Louis Charles Wippich (1896-1973) was, by all accounts, an oddity. Heavily influenced by Theosophy, an esoteric religion based on Buddhism, Wippich’s rock garden, The Molehill, was built as a refuge t..
Louis Charles Wippich (1896-1973) was, by all accounts, an oddity. Heavily influenced by Theosophy, an esoteric religion based on Buddhism, Wippich’s rock garden, The Molehill, was built as a refuge to return to in his next life. His work for the Great Northern Railroad brought him across the country, and the sights and mountains of the American West inspired many of the features of his rock garden. He worked for decades, often with the help of neighborhood kids, to build what he believed would be a playground for his next life, when he would be reincarnated as a blackbird. His neighbors remember him as a bizarre yet fun character, who enjoyed hosting visitors and carried a sense of humor with him at all times. His unconventional nature was met by pragmatic enginuity in sourcing materials for his garden. Located in Sauk Rapids, Wippich made use of rejects from nearby quarries, castaway supplies from his job at the railroad, as well as other places to get supplies for the garden. The distinctive red granite used in many of the structures was acquired during the destruction of a bank in nearby St. Cloud. Not all the materials were free, causing Wippich to at one point rent out his house, and live in his garage in order to get more money for his garden. The garden fell into disrepair following his death, but has since been restored and cared for by the current owners. Though the garden is not open to the public, it is possible to visit by appointment.The focal point for his garden, this tower reached 45 feet high. Wippich sourced the distinctive red granite from a bank that was being torn down in nearby St. Cloud, Minnesota.Image is provided for educational purposes only. © University of North Dakota. All rights reserved.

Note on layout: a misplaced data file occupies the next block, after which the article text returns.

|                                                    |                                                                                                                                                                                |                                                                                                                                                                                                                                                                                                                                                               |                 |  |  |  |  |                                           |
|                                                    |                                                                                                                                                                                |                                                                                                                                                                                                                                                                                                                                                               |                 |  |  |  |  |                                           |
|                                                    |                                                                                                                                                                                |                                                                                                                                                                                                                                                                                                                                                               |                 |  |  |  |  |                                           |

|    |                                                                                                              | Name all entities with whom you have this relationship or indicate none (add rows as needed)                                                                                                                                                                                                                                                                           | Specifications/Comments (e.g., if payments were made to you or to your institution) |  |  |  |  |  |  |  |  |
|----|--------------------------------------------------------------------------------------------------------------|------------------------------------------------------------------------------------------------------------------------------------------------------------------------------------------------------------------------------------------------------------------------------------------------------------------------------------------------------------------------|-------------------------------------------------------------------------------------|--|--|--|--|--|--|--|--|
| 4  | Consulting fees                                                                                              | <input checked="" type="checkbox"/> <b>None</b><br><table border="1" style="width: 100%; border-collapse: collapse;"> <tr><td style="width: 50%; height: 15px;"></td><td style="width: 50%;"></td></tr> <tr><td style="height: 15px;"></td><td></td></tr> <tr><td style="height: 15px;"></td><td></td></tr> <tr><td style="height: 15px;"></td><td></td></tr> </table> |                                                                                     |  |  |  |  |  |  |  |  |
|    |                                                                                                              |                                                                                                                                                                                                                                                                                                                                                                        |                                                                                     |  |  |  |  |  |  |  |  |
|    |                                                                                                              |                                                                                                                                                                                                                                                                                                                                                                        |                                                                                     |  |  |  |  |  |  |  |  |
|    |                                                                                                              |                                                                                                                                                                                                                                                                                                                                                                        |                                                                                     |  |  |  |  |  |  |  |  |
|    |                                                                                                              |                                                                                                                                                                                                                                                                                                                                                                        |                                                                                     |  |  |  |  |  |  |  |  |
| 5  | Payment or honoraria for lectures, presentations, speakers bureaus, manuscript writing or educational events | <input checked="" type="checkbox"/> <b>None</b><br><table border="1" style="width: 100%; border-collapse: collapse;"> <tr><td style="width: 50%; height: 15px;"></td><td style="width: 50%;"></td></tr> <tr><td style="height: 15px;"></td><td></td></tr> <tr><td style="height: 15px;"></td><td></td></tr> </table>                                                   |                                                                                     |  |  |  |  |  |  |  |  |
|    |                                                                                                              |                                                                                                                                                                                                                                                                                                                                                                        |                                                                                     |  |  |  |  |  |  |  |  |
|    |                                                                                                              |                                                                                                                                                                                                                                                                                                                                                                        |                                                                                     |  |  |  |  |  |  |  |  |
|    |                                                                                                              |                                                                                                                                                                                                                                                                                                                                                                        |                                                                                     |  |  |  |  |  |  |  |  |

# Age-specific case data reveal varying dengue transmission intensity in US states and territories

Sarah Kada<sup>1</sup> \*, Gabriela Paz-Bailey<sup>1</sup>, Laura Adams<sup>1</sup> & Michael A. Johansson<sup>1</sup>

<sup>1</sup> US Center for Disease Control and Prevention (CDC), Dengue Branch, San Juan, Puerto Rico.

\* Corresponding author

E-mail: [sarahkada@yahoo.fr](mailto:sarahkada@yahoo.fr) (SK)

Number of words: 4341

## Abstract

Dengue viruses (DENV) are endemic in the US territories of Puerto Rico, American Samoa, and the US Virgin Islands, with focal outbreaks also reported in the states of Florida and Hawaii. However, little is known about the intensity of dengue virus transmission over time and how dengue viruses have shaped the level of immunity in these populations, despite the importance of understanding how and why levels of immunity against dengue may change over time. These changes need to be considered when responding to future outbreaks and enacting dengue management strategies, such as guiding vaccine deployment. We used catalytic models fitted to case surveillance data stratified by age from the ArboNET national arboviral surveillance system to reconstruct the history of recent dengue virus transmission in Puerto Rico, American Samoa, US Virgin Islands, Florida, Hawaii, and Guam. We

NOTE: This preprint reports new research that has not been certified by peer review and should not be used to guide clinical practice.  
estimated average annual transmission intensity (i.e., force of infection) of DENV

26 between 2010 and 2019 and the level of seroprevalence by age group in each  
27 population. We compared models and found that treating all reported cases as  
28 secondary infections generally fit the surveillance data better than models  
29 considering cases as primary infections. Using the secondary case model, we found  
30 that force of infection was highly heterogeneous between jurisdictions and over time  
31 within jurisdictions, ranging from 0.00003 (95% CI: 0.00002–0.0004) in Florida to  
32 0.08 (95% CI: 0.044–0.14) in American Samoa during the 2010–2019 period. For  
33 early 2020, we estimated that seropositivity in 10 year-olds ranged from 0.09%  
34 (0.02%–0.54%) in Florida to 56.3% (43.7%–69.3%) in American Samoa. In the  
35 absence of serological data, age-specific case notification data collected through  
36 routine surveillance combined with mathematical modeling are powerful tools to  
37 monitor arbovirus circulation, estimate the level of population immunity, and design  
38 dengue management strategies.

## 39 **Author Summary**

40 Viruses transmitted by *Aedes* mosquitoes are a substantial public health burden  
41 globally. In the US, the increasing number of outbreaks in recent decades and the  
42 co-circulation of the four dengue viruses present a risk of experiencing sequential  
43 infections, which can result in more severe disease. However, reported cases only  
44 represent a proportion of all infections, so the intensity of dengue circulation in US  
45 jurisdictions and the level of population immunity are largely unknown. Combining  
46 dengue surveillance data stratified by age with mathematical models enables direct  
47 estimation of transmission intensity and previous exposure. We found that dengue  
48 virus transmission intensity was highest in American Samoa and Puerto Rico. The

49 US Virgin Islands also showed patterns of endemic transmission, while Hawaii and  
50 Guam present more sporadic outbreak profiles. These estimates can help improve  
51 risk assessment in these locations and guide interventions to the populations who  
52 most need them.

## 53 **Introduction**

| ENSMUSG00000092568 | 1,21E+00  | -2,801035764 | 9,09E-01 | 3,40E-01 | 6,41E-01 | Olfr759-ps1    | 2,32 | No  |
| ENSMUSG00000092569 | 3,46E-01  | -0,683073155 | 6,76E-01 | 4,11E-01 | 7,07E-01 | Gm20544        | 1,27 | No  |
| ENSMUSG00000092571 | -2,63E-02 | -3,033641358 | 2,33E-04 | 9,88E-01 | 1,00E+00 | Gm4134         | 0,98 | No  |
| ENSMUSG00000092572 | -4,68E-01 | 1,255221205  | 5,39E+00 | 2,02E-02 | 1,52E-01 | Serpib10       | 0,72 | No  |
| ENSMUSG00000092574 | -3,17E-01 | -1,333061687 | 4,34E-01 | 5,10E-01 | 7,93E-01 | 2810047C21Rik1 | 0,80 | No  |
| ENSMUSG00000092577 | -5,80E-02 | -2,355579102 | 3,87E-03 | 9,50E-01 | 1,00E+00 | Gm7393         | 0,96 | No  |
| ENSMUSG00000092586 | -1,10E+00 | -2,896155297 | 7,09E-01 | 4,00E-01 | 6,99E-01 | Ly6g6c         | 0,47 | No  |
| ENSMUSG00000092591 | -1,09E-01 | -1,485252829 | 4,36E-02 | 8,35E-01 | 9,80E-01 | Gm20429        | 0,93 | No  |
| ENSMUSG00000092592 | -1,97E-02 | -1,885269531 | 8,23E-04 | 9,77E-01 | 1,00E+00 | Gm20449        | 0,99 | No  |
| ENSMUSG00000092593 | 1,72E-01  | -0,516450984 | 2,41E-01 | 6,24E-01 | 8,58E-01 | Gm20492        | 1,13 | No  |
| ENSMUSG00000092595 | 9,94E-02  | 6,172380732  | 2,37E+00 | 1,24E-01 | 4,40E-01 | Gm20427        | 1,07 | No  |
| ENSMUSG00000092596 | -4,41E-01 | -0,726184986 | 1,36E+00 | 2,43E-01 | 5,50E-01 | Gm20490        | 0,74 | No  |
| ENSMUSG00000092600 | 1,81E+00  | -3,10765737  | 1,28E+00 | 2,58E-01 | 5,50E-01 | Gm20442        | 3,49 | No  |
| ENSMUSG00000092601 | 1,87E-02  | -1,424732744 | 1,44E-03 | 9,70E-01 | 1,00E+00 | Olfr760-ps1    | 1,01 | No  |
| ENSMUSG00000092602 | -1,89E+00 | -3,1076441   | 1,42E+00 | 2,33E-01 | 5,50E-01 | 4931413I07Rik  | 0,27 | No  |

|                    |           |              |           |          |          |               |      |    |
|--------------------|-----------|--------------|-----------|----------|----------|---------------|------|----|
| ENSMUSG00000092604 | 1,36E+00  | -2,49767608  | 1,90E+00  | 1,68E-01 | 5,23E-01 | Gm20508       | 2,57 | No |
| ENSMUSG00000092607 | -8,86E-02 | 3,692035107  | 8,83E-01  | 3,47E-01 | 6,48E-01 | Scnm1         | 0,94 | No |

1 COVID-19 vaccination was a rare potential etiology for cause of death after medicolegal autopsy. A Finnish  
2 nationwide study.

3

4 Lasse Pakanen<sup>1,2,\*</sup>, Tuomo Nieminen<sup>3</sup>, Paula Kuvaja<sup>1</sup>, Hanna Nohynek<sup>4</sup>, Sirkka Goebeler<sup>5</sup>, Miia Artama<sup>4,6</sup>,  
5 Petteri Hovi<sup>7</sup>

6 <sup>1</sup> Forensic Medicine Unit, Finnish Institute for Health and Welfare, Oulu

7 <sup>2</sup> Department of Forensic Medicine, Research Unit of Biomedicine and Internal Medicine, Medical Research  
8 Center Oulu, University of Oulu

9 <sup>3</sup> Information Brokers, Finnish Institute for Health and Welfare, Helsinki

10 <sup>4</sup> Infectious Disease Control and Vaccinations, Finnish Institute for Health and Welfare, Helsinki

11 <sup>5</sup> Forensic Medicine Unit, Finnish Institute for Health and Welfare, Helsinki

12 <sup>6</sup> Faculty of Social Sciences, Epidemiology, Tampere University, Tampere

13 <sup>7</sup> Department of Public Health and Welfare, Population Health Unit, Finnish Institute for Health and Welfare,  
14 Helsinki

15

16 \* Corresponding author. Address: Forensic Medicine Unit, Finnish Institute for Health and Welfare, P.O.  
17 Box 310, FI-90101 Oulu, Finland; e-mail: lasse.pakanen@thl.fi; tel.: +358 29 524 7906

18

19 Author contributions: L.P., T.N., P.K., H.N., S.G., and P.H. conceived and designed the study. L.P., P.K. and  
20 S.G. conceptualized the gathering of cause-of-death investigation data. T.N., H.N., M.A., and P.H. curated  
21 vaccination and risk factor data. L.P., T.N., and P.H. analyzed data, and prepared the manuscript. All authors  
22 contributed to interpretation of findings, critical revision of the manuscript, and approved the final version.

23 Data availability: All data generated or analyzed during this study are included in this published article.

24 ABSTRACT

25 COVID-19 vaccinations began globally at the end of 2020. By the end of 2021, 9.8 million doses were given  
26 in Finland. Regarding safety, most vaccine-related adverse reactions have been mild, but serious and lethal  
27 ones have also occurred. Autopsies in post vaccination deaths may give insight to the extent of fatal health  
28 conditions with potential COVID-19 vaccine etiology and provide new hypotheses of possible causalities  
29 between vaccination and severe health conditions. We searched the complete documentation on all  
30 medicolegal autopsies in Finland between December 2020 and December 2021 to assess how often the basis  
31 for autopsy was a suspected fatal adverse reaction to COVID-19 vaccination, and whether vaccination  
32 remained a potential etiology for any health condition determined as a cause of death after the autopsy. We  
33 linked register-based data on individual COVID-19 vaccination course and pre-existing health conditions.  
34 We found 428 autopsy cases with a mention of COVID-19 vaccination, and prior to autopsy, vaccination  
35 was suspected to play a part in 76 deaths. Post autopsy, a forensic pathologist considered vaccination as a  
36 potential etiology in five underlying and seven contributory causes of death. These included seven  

35mm slide, digitized 2020